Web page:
Omar, 11, sits drawing a picture depicting his memories of Haswiya, a village in rural Homs.
In early 2013, Omar’s entire family was killed during an attack on this village, an incident now known as the Haswiya massacre.
Omar vowed to become a fighter and join the junior ranks or “cubs” of the Islamic State (IS).
He was saved from this bleak future by the intervention of the Syrian Forearm group, which enrolled him in a psychological support programme for children aged between 11 and 15.
The programme was launched in the Al-Waar district of Homs in June 2015. Its sessions were developed by the Dutch organisation War Child, whose I Deal workshops have been implemented in more than ten conflict zones around the world.
The workshops in Al-Waar are run by a group of 22 volunteers, who want to combat the culture of bearing arms that has affected Syrian children.
“Over the past two years we have observed growing tendencies towards violence amongst children in opposition-held areas,” said Abu Fadi, head of the Al-Waar project.
“These actions are a response to the violence inflicted upon them by the regime.
“We also noticed that children had adapted to playing violent games related to warfare, and that some of them were joining extremist factions,” he said.
This inspired the launch of the project, with a budget of less than 5,000 US dollars.
“We started off by training a team of 15 young women and men to implement the I Deal programme. A group of our specialised trainers role-played with them via Skype to teach them how to run therapy sessions for children,” Abu Fadi said.
Those selected for the project were all secondary school graduates aged 19 and above with certificates of good conduct. Priority was also given to people specialising in psychology, education, childcare and sociology.
Once the team members completed their training, they were deployed to work in different children’s centres. Each group of five male and female volunteers was assigned to work with between 15 and 20 children.
The overall focus of the programme is nurturing a culture of peace and dealing with conflict without resorting to violence. Trainers teach children a number of techniques, including how to identify and express emotions, how to strengthen friendships and deal with peers, how to tackle daily challenges in a non-violent way and how to interact with grown-ups.
“We face many challenges during our support sessions,” said team member Umm Farhan.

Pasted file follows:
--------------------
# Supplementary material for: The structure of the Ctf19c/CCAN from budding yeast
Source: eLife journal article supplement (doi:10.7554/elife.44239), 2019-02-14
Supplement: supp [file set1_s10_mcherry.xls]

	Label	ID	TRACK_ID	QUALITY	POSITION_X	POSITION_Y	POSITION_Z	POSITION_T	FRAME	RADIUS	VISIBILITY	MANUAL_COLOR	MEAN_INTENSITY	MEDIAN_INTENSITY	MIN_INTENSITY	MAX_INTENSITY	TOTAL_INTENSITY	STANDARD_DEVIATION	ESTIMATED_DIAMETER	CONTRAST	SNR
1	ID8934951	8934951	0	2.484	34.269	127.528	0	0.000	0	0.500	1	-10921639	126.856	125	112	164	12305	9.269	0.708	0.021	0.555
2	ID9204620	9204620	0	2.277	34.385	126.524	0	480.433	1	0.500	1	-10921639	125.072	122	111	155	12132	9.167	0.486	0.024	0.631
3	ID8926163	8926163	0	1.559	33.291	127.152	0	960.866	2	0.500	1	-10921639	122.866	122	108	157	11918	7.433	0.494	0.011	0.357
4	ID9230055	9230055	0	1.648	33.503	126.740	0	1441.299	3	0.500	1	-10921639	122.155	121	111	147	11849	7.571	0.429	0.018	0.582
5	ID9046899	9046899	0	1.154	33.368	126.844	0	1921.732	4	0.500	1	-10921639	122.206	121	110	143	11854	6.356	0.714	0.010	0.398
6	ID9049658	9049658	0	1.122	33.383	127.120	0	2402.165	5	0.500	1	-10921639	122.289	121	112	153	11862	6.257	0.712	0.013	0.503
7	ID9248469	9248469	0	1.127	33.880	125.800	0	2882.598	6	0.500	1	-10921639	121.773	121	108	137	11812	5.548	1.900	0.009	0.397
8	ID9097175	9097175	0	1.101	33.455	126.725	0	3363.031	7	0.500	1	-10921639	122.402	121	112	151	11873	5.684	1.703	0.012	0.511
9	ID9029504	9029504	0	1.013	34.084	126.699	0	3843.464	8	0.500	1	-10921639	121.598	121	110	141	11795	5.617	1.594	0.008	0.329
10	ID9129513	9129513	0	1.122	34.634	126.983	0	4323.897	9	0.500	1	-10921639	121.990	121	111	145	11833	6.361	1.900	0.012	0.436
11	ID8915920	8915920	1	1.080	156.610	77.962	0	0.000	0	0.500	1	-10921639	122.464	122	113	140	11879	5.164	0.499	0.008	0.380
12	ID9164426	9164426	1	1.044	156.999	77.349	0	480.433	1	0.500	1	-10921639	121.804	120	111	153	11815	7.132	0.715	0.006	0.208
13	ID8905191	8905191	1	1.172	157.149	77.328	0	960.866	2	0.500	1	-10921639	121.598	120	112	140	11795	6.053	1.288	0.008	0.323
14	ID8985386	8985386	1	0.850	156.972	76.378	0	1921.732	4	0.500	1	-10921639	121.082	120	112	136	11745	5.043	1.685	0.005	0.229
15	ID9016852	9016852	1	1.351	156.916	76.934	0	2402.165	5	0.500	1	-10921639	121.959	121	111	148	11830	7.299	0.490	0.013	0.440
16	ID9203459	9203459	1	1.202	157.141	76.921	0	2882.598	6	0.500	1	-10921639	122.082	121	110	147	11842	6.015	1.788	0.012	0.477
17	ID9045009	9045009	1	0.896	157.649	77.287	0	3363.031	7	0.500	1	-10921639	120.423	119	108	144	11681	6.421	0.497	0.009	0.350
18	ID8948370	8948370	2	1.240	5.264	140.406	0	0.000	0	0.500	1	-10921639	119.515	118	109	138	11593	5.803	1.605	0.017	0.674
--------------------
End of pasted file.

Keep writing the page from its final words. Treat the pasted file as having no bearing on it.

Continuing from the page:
“Many of the children are violent, while others think that attendance is a waste of time. To them, life is about weapons. They live in a world where armed men have the upper hand,” the 45 year-old said.
She explained that during the first session, children are asked to draw something that represents them. Many respond by drawing weapons or the banners of various military factions. Halfway through the course, the same request is made again, and around 90 per cent produce pictures unrelated to gun culture, such as a profession they aspire to work in.
“I think that despite our limited resources, we are making significant progress in countering child violence in the area. Children who refused to come to the centre without a knife in their pocket are now busy playing with their peers,” Umm Farhan said.
According to Sarah al-Dakheel, director of the Syrian Forearm association that funds the programme, launching the project was very problematic.
“Al-Waar was targeted by constant shelling and a tight siege had been imposed on the area. It was very difficult to find a safe location to operate from, and to ship training material into the district,” she said.
“Nevertheless, the Syrian Forearm insisted on funding the project due to its objective that seeks to nurture and rehabilitate children, who will hopefully rebuild what has been destroyed by years of conflict.”
She encouraged other organisations to fund children’s psychological support programmes.
One young widow who has benefited from the programme is 25 year-old Ranim.
“I was recruited to work on the project since its launch in Al-Waar. I started off as a volunteer, and later began to earn an income from the job,” she said.
Ranim explained that the programme has had a positive impact on her whole family, offering them financial, moral and psychological support.
“Every day I feel that I am doing something useful, which has reflected positively on my family,” she said.
“I also enrolled my two children in a psychological support workshop to help them deal with the loss of their father. They participated in many useful activities which taught them how to deal with family, friends and the wider community.”
Karam Mansour is the pseudonym of a Damascus Bureau contributor from Homs, Syria.
Read the Arabic version of this article here